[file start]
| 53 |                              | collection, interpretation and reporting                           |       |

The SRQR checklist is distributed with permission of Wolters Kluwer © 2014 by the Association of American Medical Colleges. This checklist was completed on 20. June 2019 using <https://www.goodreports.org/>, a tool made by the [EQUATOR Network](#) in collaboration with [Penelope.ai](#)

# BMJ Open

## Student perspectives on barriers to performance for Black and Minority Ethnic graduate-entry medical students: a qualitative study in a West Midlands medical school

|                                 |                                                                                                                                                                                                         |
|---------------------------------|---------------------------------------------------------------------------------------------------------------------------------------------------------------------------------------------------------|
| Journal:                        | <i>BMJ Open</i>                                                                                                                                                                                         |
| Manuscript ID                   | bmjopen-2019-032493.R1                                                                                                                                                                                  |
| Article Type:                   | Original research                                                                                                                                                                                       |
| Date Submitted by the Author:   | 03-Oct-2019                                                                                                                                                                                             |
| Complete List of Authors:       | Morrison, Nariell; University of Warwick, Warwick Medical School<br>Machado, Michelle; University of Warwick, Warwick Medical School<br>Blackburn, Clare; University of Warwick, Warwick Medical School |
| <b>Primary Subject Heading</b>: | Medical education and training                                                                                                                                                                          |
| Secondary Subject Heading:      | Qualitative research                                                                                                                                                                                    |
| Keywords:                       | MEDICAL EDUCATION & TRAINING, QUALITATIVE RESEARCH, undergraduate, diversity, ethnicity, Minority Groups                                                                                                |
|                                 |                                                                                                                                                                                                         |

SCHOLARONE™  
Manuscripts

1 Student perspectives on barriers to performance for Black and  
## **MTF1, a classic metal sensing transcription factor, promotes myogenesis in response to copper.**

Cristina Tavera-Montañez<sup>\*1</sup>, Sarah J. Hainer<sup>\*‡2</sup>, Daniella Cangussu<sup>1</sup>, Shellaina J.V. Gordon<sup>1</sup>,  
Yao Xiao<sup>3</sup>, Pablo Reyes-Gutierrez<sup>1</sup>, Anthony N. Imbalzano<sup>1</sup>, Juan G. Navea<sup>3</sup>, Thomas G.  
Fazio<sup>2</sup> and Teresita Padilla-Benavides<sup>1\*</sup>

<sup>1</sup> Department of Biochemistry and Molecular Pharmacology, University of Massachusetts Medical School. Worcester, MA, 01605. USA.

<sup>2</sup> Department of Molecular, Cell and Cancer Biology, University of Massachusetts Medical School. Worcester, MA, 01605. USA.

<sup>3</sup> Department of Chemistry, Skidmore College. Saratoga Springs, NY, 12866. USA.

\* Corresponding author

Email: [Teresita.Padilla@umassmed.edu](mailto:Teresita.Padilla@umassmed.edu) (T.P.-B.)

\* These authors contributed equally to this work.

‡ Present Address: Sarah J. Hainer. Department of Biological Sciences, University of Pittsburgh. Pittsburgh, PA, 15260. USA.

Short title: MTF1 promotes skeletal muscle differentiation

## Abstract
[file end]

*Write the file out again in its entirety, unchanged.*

| 53 |                              | collection, interpretation and reporting                           |       |

The SRQR checklist is distributed with permission of Wolters Kluwer © 2014 by the Association of American Medical Colleges. This checklist was completed on 20. June 2019 using <https://www.goodreports.org/>, a tool made by the [EQUATOR Network](#) in collaboration with [Penelope.ai](#)

# BMJ Open

## Student perspectives on barriers to performance for Black and Minority Ethnic graduate-entry medical students: a qualitative study in a West Midlands medical school

|                                 |                                                                                                                                                                                                         |
|---------------------------------|---------------------------------------------------------------------------------------------------------------------------------------------------------------------------------------------------------|
| Journal:                        | <i>BMJ Open</i>                                                                                                                                                                                         |
| Manuscript ID                   | bmjopen-2019-032493.R1                                                                                                                                                                                  |
| Article Type:                   | Original research                                                                                                                                                                                       |
| Date Submitted by the Author:   | 03-Oct-2019                                                                                                                                                                                             |
| Complete List of Authors:       | Morrison, Nariell; University of Warwick, Warwick Medical School<br>Machado, Michelle; University of Warwick, Warwick Medical School<br>Blackburn, Clare; University of Warwick, Warwick Medical School |
| <b>Primary Subject Heading</b>: | Medical education and training                                                                                                                                                                          |
| Secondary Subject Heading:      | Qualitative research                                                                                                                                                                                    |
| Keywords:                       | MEDICAL EDUCATION & TRAINING, QUALITATIVE RESEARCH, undergraduate, diversity, ethnicity, Minority Groups                                                                                                |
|                                 |                                                                                                                                                                                                         |

SCHOLARONE™  
Manuscripts

1 Student perspectives on barriers to performance for Black and  
## **MTF1, a classic metal sensing transcription factor, promotes myogenesis in response to copper.**

Cristina Tavera-Montañez<sup>\*1</sup>, Sarah J. Hainer<sup>\*‡2</sup>, Daniella Cangussu<sup>1</sup>, Shellaina J.V. Gordon<sup>1</sup>,  
Yao Xiao<sup>3</sup>, Pablo Reyes-Gutierrez<sup>1</sup>, Anthony N. Imbalzano<sup>1</sup>, Juan G. Navea<sup>3</sup>, Thomas G.  
Fazio<sup>2</sup> and Teresita Padilla-Benavides<sup>1\*</sup>

<sup>1</sup> Department of Biochemistry and Molecular Pharmacology, University of Massachusetts Medical School. Worcester, MA, 01605. USA.

<sup>2</sup> Department of Molecular, Cell and Cancer Biology, University of Massachusetts Medical School. Worcester, MA, 01605. USA.

<sup>3</sup> Department of Chemistry, Skidmore College. Saratoga Springs, NY, 12866. USA.

\* Corresponding author

Email: [Teresita.Padilla@umassmed.edu](mailto:Teresita.Padilla@umassmed.edu) (T.P.-B.)

\* These authors contributed equally to this work.

‡ Present Address: Sarah J. Hainer. Department of Biological Sciences, University of Pittsburgh. Pittsburgh, PA, 15260. USA.

Short title: MTF1 promotes skeletal muscle differentiation

## Abstract